Let’s just begin with the obvious, there’s no visualization or analysis available that will generate the perfect bracket. There are just too many variables involved. I haven’t even made an attempt at that. What this article does present is several visualizations that can be used as tools towards a better bracket prediction. It’s not a substitute for expert opinions. But, if you’re less than expert yourself, it might be helpful in fine-honing your bracket this year and for years to come. While creating these visualizations, I learned a few lessons along the way.
Lesson 1, Some results just ask for more data
If you know little about NCAA basketball, looking at seeding can give you a good start to the right bracket. How far it will take you is limited. In charting the data, I expected something that would look close to a 45 degree angled line. The actual results are quite different.
I started this process with five years of data. That’s 8 first round games in each of 4 regions, 160 games total. This works out to 20 games for each seed (1-16). This area chart shows the total number of games won and lost by seed:
What we get is not an angled line, but a descending wave. The green portion shows total wins, while blue is displaying total losses. As an example, Seed 1 has 20 wins, and 0 losses telling us that a number 1 seeded team has not lost in the first round in at least 5 years. This is reflected at the other end of the chart by Seed 16, showing all losses. As a matter of fact, due to the setup of first round games (seed 1 plays seed 16, seed 2 plays seed 15, etc.), the right half of the chart will always show a perfect inverse reflection of the left half of the chart.
Lesson 2, More data doesn’t always clear things up
Getting back to the visualization, I wanted to know if the waved results were a fluke from the last 5 years or something deeper. This led me to double the data set to 10 years of history, 40 games per seed:
Over 10 years, the waved pattern looks very similar to the five year pattern. At first glance, it appears that the first ‘hill’ (seeds 7 and 8) is an anomaly. Looking deeper, the real anomaly is the valley created by seeds 5/6 (which is mirrored at 11/12). To get a clearer look, I chose to visualize the same data in a different format.
Lesson 3, Waves are visually pleasing, but bars can be more precise:
Same data, slightly different presentation. On the chart below, I have switched to bars, one for each seed. I have also moved from a count of wins and losses to a percentage of each. At 50% wins and 50% losses, a coin toss would be just as effective, so I marked off the area in the middle (between 40% and 60%). If a seed has bars that meet in this area, it is an ineffectual predictor.
It is now clear that in those games involving seeds 1, 2, 3 and 4 these teams have more than an 80% win record. The anomalous areas (circled in red) that are those games involving seeds 5 and 6 are much easier to quantify. These teams have a just better than 50% win record which makes seed an ineffectual predictor. Seed 7 wins just about 65% of the time that isn’t quite enough to call it a predictor. In summary, about half the games, those with lower seed teams, can be fairly well predicted based on seed alone.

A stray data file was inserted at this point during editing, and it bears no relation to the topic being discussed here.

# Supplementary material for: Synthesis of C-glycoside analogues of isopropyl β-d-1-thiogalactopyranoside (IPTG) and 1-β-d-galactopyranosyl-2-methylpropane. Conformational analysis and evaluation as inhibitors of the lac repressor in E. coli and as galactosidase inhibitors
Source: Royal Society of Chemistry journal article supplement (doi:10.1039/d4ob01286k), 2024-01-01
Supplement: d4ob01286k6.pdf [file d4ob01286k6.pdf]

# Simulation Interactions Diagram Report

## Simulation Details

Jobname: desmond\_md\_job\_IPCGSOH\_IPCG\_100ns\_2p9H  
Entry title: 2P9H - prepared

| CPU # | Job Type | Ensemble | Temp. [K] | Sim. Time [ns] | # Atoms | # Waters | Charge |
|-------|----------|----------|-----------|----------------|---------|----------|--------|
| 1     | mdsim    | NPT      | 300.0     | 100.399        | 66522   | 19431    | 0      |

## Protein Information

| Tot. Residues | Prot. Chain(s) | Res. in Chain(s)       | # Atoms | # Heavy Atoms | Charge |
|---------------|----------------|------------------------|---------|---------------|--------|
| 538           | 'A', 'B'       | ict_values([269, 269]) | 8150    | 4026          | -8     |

Lesson 4, A secondary measure can help with decisions:
Now we know that seed isn’t enough to make a prediction for half of the first round games. I have created a simple line chart using team season win/loss rations as a secondary predictor. I am only looking at games for seeds 5-12. Note: seeds 5, 6, 7, and 8 play seeds 12, 11, 10 and 9 respectively which is why the chart only shows four games. For each game, the aggregate win loss ratio of winning and losing teams is charted. On average teams with a better season record are winning these games. It is not a strong predictor on its own, but it does add a layer to our ability to make a decision.
Lesson 5, Heat Maps visualize complex relationships:
To this point, my analysis has been based on the two strong measures available; seed and season record. I still have other team attributes available such as conference, team, and coach. Pulling data from these attributes is a more complex process. I started with conference, using a visualization similar to first one in this article:
What does this tell us? Some conferences clearly win more than they lose. A couple conferences, American East and Big Sky, haven’t had a first round win in more than ten years. But there isn’t enough information in this chart to help with making a first round pick.
Games aren’t played by a single team, so I switched to a comparative approach using a heat map:
This is a chart of every time one conference is pitted against another. The colors are coded from the perspective of the conference on the Y axis. If we are looking at American East, the chart tells us they have historically lost against everyone, as noted above. In comparison, Ohio Valley loses to the ACC, Big 12 and Pac 12, wins against Mountain West and SEC while pushing against the Big East.
I’ve given you a few tools to help in making your round 1 picks. There will always be games that go against the grain and others where you just need to use your gut. Hopefully this can help cast light on some of the gray areas. In articles to come, I will look at later rounds and examine Cinderella teams and those that I call Step-sisters.
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